National Geographic Daily News
An illustration of a distant planetary system.

The Gliese system is one of several newfound solar systems, including GJ676A (not pictured).

Illustration by Dana Berry, National Geographic

Rachel Kaufman

for National Geographic News

Published July 6, 2012

Astronomers have detected our "grotesque" twin: A planetary system arranged much like our own solar system, a new study says.

Dubbed GJ676A, the system has two rocky planets orbiting close to its host star, and two gas giants orbiting far away. This means the system is arranged like our system—though in GJ676A, everything is much larger.

For instance, the smallest rocky planet in GJ676A is at least four times the mass of Earth, while the largest gas giant is five times the size of Jupiter.

Other multiple-planet systems have been discovered, such as HD10180, which has been called the richest exoplanetary find ever because of the seven to nine planets orbiting its host star. (Also see "Our Solar System May Have Millions of 'Twins.'")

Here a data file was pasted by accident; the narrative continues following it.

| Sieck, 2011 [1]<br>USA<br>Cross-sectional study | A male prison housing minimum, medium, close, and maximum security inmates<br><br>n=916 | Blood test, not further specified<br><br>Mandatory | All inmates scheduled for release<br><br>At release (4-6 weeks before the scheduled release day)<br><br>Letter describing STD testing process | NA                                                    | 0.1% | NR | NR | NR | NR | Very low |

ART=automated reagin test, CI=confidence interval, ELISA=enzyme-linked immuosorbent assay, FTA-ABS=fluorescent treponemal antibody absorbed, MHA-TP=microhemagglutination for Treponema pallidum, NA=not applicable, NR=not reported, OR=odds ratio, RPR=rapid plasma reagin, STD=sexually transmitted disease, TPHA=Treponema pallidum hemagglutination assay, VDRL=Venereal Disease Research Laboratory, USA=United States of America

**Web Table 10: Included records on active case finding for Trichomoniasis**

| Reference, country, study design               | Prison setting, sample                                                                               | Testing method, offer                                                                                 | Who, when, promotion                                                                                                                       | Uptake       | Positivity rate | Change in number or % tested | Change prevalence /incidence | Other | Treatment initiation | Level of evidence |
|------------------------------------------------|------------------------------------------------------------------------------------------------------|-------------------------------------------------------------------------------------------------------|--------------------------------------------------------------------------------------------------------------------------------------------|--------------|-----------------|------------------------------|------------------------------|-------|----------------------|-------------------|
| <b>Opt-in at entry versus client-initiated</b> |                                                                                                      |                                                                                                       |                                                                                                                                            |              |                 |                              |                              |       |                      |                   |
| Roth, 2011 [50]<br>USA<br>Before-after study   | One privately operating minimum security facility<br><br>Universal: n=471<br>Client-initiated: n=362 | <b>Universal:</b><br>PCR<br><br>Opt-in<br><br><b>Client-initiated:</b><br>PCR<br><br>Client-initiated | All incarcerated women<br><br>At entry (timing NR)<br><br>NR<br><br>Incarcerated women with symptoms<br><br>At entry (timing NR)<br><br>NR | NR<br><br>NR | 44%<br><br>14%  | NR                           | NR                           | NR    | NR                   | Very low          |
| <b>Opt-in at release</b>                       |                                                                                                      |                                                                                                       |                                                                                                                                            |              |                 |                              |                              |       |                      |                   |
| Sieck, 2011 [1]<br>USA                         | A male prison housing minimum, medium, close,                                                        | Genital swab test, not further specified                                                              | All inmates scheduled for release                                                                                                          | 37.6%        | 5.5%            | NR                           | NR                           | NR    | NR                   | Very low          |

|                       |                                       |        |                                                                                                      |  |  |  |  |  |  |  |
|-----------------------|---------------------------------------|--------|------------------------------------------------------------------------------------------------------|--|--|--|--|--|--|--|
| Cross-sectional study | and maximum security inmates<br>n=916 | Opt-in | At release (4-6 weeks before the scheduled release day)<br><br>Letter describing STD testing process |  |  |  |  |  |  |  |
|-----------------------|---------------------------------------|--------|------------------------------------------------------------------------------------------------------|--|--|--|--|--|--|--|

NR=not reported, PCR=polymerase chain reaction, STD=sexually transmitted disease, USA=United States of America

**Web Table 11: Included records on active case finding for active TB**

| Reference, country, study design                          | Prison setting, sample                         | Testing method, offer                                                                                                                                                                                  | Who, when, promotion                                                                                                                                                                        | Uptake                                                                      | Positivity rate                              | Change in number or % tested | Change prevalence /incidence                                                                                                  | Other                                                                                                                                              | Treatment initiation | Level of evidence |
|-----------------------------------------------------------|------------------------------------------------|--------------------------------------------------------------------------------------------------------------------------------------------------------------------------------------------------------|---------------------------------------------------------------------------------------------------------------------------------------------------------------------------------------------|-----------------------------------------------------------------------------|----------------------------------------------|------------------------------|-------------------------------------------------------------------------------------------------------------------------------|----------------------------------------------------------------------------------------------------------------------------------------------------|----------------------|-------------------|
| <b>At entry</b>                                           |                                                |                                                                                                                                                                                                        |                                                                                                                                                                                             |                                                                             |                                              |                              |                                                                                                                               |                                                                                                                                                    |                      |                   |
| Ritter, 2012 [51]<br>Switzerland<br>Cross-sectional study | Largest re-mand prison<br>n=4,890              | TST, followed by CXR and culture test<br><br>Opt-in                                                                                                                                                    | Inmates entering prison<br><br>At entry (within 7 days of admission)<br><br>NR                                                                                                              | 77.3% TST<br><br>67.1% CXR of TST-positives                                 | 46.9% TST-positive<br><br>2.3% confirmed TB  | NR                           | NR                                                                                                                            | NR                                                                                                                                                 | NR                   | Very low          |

But HD10180's planets are all gas giants in relatively close orbits, while GJ676A has both rocky and gas planets—and its "Neptune-like" planet takes 4,000 days to make one orbit, said study leader Guillem Anglada Escudé, a postdoctoral researcher at the University of Gottingen in Germany.

The long orbits of GJ676A's gas giants and the short orbits of its close-in, extremely hot super Earths are what led the astronomers to dub GJ676A our solar system's twin.

"Hidden" Planets Detected Via New Technique

Anglada Escudé and team used a new data-analysis technique to detect smaller planets around the star, which had already been known to host one gas giant.

"This means that it's likely that other systems have hidden companions," he said. "We just need to apply the new techniques to find them."

(See "Light From a 'Super Earth' Seen—A First.")

The finding also may refine planetary-formation models, he added. According to one popular explanation for super Earths so close to a host star, the planets form farther out and migrate inward.

"But your planet that moves picks up all the mass with it," Anglada Escudé said.

"That didn't happen here, because you still had mass to form the gas giants. It's possible that the gas giants formed first in long-period orbits—they didn't migrate—and then a few million years later, you start forming super-Earths with the leftovers."

The grotesque-twin research appears in ArXiv.

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